CLA News /  The Need for a Paradigm Shift in the Access to Justice Narrative by Lois Chisompola Sikwenda


Justice systems in African Commonwealth countries for the most part apply statutory law, this is recognised as the formal justice system. It generally supersedes other systems of justice to the extent that it has the anchoring of Constitutions and uses formal systems of enforcement through the courts which are entrenched as an arm of the government. In the past two decades, governments through their laws and Constitutions have began to recognise other systems of justice. For instance, the Kenyan Constitution in 2010 and the Zambian Constitution in 2016 recognised alternative dispute resolution (ADR)  as complementary to the formal justice system[1]. A survey by the Kenyan Judiciary, together with the Hague Institute for Innovation of  Law found that only 10% of Kenyans use the formal justice system to resolve their disputes. [2]It would not therefore be a wide stretch of the imagination to assume that many other African Commonwealth countries have similar statistics. This begs the question, if 90% or more of citizens in countries are not accessing the formal justice system, what is the status of access to justice in our countries?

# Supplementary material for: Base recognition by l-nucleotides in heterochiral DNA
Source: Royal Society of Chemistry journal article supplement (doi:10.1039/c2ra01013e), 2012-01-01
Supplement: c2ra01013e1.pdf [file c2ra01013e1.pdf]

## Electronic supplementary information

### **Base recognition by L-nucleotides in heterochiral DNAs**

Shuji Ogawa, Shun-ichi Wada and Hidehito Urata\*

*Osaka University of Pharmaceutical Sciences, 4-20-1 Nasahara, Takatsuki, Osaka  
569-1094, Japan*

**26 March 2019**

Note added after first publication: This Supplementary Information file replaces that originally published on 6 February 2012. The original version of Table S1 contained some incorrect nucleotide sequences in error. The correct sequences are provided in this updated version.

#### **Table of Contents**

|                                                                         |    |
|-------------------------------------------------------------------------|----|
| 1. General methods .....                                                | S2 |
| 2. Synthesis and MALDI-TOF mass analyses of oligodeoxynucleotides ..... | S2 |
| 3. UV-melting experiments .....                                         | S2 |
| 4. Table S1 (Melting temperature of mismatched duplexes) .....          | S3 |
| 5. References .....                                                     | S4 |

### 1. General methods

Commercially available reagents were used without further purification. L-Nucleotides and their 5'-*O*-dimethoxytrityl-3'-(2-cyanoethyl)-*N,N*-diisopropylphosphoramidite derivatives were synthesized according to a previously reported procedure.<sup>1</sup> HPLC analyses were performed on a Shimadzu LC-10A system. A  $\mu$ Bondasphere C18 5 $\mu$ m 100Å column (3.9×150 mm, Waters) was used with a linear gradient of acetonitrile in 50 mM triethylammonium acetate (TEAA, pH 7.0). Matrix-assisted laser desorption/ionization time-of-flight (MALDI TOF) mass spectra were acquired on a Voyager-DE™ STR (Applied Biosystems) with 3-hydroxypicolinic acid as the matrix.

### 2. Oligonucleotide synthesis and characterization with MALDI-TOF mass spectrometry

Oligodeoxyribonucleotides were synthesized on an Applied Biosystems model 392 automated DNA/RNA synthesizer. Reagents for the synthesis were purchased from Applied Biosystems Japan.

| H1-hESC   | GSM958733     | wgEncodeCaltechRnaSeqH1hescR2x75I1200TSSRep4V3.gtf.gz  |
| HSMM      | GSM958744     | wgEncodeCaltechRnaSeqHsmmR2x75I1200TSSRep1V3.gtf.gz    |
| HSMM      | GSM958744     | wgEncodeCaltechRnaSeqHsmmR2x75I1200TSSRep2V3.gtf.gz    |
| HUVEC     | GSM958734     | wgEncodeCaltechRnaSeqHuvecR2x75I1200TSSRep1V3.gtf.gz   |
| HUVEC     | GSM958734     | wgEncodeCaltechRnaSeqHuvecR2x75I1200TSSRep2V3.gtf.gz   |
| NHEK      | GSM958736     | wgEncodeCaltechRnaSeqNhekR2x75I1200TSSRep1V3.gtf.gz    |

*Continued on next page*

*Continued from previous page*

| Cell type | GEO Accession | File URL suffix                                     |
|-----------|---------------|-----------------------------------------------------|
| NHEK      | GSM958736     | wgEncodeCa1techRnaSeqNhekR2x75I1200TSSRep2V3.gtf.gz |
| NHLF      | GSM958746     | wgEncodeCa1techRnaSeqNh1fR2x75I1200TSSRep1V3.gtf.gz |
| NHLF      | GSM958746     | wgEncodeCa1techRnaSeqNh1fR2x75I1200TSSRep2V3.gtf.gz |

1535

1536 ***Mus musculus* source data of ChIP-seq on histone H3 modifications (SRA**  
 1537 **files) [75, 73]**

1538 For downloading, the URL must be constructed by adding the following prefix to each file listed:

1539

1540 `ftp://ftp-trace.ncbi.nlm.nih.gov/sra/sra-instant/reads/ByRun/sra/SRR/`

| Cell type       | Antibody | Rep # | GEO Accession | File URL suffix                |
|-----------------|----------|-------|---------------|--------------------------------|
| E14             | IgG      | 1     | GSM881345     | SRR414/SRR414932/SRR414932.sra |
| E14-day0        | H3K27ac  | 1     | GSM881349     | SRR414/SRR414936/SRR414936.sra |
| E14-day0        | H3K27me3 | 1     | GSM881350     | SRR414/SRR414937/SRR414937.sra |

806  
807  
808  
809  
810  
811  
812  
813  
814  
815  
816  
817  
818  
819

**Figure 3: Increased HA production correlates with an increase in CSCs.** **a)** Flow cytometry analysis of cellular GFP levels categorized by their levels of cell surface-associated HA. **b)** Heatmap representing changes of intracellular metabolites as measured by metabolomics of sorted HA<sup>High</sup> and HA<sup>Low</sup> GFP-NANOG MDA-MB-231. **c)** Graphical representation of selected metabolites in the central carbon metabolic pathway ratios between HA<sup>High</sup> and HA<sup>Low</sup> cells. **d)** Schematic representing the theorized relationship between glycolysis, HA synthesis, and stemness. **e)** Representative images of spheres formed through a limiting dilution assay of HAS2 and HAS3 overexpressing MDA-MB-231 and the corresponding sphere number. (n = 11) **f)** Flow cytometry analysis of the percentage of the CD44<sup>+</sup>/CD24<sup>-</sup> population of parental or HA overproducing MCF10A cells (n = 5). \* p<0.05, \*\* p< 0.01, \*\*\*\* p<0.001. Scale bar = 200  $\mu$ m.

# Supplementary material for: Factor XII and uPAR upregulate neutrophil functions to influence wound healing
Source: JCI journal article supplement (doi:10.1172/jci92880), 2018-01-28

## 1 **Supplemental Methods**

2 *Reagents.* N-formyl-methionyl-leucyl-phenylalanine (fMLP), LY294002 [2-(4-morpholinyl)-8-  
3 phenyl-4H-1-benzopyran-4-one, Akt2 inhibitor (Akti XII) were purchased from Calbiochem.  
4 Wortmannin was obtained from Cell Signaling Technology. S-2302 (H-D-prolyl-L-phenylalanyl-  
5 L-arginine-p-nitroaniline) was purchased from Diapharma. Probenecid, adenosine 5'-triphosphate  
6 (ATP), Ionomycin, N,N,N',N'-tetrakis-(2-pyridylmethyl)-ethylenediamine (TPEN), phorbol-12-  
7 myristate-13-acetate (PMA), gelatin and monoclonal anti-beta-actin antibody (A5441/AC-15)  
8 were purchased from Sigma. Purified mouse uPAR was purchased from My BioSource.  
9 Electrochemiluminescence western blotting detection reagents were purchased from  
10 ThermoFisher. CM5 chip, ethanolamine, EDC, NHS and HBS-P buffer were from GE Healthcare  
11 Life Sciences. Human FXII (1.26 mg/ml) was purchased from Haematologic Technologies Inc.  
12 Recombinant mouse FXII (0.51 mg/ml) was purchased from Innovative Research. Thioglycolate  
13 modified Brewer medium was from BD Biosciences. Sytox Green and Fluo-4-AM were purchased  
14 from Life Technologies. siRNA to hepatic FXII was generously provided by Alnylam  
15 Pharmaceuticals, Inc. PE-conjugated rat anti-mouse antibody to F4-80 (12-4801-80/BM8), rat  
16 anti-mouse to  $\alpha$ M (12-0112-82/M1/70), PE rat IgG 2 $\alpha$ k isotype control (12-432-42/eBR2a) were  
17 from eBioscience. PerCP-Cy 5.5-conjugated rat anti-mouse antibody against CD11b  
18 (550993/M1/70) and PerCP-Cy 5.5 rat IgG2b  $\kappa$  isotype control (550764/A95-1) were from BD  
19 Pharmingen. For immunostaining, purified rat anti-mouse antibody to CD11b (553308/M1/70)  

Part of the answer to this question lies in the legitimisation and recognition of the use of alternative dispute resolution mechanisms. While Constitutions have began to formally make this recognition, the legal profession is largely steeped in the adversarial system of justice, the only recognised model in the formal justice system and the system in which lawyers are trained.  This entails that the typical lawyer is ill-equipped and ignorant of their role in the wider discussion of access to justice as it relates to ADR. The typical lawyer generally views access to justice as access to courts or access to arbitration (the most championed and lucrative alternative dispute resolution mechanism in the legal sphere) but sadly this marks the end of the lawyer’s discussion on the subject.

The Sustainable Development Goals, particularly, Goal 16 promotes peace, justice and strong institutions. One of its targets is to promote the rule of law at the national and international levels and ensure equal access to justice for all. The reality however is that if 90% of people cannot access the formal justice system, then African Commonwealth countries are further away from the fulfilment of Goal 16 than we care to admit.